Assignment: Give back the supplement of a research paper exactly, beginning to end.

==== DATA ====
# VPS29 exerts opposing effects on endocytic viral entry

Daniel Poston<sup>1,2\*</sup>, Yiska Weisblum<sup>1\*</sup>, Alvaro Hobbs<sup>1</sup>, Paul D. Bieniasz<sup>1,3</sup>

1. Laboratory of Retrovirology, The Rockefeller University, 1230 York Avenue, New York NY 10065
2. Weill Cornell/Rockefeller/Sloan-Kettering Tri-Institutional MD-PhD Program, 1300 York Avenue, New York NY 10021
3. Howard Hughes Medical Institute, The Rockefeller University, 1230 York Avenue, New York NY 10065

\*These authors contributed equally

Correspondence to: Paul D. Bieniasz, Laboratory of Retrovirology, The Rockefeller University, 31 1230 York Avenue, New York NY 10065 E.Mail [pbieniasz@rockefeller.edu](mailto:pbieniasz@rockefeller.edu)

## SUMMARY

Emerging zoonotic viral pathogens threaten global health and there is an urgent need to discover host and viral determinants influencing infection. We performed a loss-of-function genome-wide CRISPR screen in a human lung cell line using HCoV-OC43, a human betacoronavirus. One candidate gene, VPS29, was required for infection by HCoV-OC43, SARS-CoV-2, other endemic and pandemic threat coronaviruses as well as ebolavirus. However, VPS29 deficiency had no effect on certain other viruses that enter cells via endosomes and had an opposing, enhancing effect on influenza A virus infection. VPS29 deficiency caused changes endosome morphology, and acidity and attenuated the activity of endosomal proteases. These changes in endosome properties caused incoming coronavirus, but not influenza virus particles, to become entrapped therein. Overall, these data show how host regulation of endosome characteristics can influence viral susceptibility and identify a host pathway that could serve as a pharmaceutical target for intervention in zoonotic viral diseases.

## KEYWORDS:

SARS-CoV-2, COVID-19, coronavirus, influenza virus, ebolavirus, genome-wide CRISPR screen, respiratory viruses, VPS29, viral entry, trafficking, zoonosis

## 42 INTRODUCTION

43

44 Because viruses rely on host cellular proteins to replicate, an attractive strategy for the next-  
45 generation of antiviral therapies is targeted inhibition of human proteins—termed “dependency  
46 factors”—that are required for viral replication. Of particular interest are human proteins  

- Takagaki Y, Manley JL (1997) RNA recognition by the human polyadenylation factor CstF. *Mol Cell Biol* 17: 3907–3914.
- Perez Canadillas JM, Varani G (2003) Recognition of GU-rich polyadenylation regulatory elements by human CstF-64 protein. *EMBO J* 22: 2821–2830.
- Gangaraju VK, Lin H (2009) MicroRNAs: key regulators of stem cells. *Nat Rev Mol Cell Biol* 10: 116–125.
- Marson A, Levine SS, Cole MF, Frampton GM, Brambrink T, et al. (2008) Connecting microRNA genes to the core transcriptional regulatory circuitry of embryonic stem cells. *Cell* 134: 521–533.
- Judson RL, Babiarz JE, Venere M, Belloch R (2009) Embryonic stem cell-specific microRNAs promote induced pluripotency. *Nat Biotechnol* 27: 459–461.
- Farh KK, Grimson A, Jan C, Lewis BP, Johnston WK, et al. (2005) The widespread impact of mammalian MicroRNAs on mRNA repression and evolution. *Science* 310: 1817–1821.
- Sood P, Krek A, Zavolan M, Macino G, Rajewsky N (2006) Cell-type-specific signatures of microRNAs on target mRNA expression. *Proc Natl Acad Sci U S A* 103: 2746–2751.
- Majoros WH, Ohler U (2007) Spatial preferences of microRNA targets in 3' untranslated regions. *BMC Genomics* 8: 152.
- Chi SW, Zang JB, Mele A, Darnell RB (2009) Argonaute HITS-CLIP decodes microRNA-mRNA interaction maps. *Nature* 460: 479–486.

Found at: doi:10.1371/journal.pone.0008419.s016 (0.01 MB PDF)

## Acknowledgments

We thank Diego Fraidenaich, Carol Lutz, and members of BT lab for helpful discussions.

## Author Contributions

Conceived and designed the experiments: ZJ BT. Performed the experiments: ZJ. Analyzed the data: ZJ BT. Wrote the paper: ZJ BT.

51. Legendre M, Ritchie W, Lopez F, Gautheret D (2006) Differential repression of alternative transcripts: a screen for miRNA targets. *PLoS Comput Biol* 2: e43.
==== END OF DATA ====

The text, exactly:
# VPS29 exerts opposing effects on endocytic viral entry

Daniel Poston<sup>1,2\*</sup>, Yiska Weisblum<sup>1\*</sup>, Alvaro Hobbs<sup>1</sup>, Paul D. Bieniasz<sup>1,3</sup>

1. Laboratory of Retrovirology, The Rockefeller University, 1230 York Avenue, New York NY 10065
2. Weill Cornell/Rockefeller/Sloan-Kettering Tri-Institutional MD-PhD Program, 1300 York Avenue, New York NY 10021
3. Howard Hughes Medical Institute, The Rockefeller University, 1230 York Avenue, New York NY 10065

\*These authors contributed equally

Correspondence to: Paul D. Bieniasz, Laboratory of Retrovirology, The Rockefeller University, 31 1230 York Avenue, New York NY 10065 E.Mail [pbieniasz@rockefeller.edu](mailto:pbieniasz@rockefeller.edu)

## SUMMARY

Emerging zoonotic viral pathogens threaten global health and there is an urgent need to discover host and viral determinants influencing infection. We performed a loss-of-function genome-wide CRISPR screen in a human lung cell line using HCoV-OC43, a human betacoronavirus. One candidate gene, VPS29, was required for infection by HCoV-OC43, SARS-CoV-2, other endemic and pandemic threat coronaviruses as well as ebolavirus. However, VPS29 deficiency had no effect on certain other viruses that enter cells via endosomes and had an opposing, enhancing effect on influenza A virus infection. VPS29 deficiency caused changes endosome morphology, and acidity and attenuated the activity of endosomal proteases. These changes in endosome properties caused incoming coronavirus, but not influenza virus particles, to become entrapped therein. Overall, these data show how host regulation of endosome characteristics can influence viral susceptibility and identify a host pathway that could serve as a pharmaceutical target for intervention in zoonotic viral diseases.

## KEYWORDS:

SARS-CoV-2, COVID-19, coronavirus, influenza virus, ebolavirus, genome-wide CRISPR screen, respiratory viruses, VPS29, viral entry, trafficking, zoonosis

## 42 INTRODUCTION

43

44 Because viruses rely on host cellular proteins to replicate, an attractive strategy for the next-  
45 generation of antiviral therapies is targeted inhibition of human proteins—termed “dependency  
46 factors”—that are required for viral replication. Of particular interest are human proteins  

- Takagaki Y, Manley JL (1997) RNA recognition by the human polyadenylation factor CstF. *Mol Cell Biol* 17: 3907–3914.
- Perez Canadillas JM, Varani G (2003) Recognition of GU-rich polyadenylation regulatory elements by human CstF-64 protein. *EMBO J* 22: 2821–2830.
- Gangaraju VK, Lin H (2009) MicroRNAs: key regulators of stem cells. *Nat Rev Mol Cell Biol* 10: 116–125.
- Marson A, Levine SS, Cole MF, Frampton GM, Brambrink T, et al. (2008) Connecting microRNA genes to the core transcriptional regulatory circuitry of embryonic stem cells. *Cell* 134: 521–533.
- Judson RL, Babiarz JE, Venere M, Belloch R (2009) Embryonic stem cell-specific microRNAs promote induced pluripotency. *Nat Biotechnol* 27: 459–461.
- Farh KK, Grimson A, Jan C, Lewis BP, Johnston WK, et al. (2005) The widespread impact of mammalian MicroRNAs on mRNA repression and evolution. *Science* 310: 1817–1821.
- Sood P, Krek A, Zavolan M, Macino G, Rajewsky N (2006) Cell-type-specific signatures of microRNAs on target mRNA expression. *Proc Natl Acad Sci U S A* 103: 2746–2751.
- Majoros WH, Ohler U (2007) Spatial preferences of microRNA targets in 3' untranslated regions. *BMC Genomics* 8: 152.
- Chi SW, Zang JB, Mele A, Darnell RB (2009) Argonaute HITS-CLIP decodes microRNA-mRNA interaction maps. *Nature* 460: 479–486.

Found at: doi:10.1371/journal.pone.0008419.s016 (0.01 MB PDF)

## Acknowledgments

We thank Diego Fraidenaich, Carol Lutz, and members of BT lab for helpful discussions.

## Author Contributions

Conceived and designed the experiments: ZJ BT. Performed the experiments: ZJ. Analyzed the data: ZJ BT. Wrote the paper: ZJ BT.

51. Legendre M, Ritchie W, Lopez F, Gautheret D (2006) Differential repression of alternative transcripts: a screen for miRNA targets. *PLoS Comput Biol* 2: e43.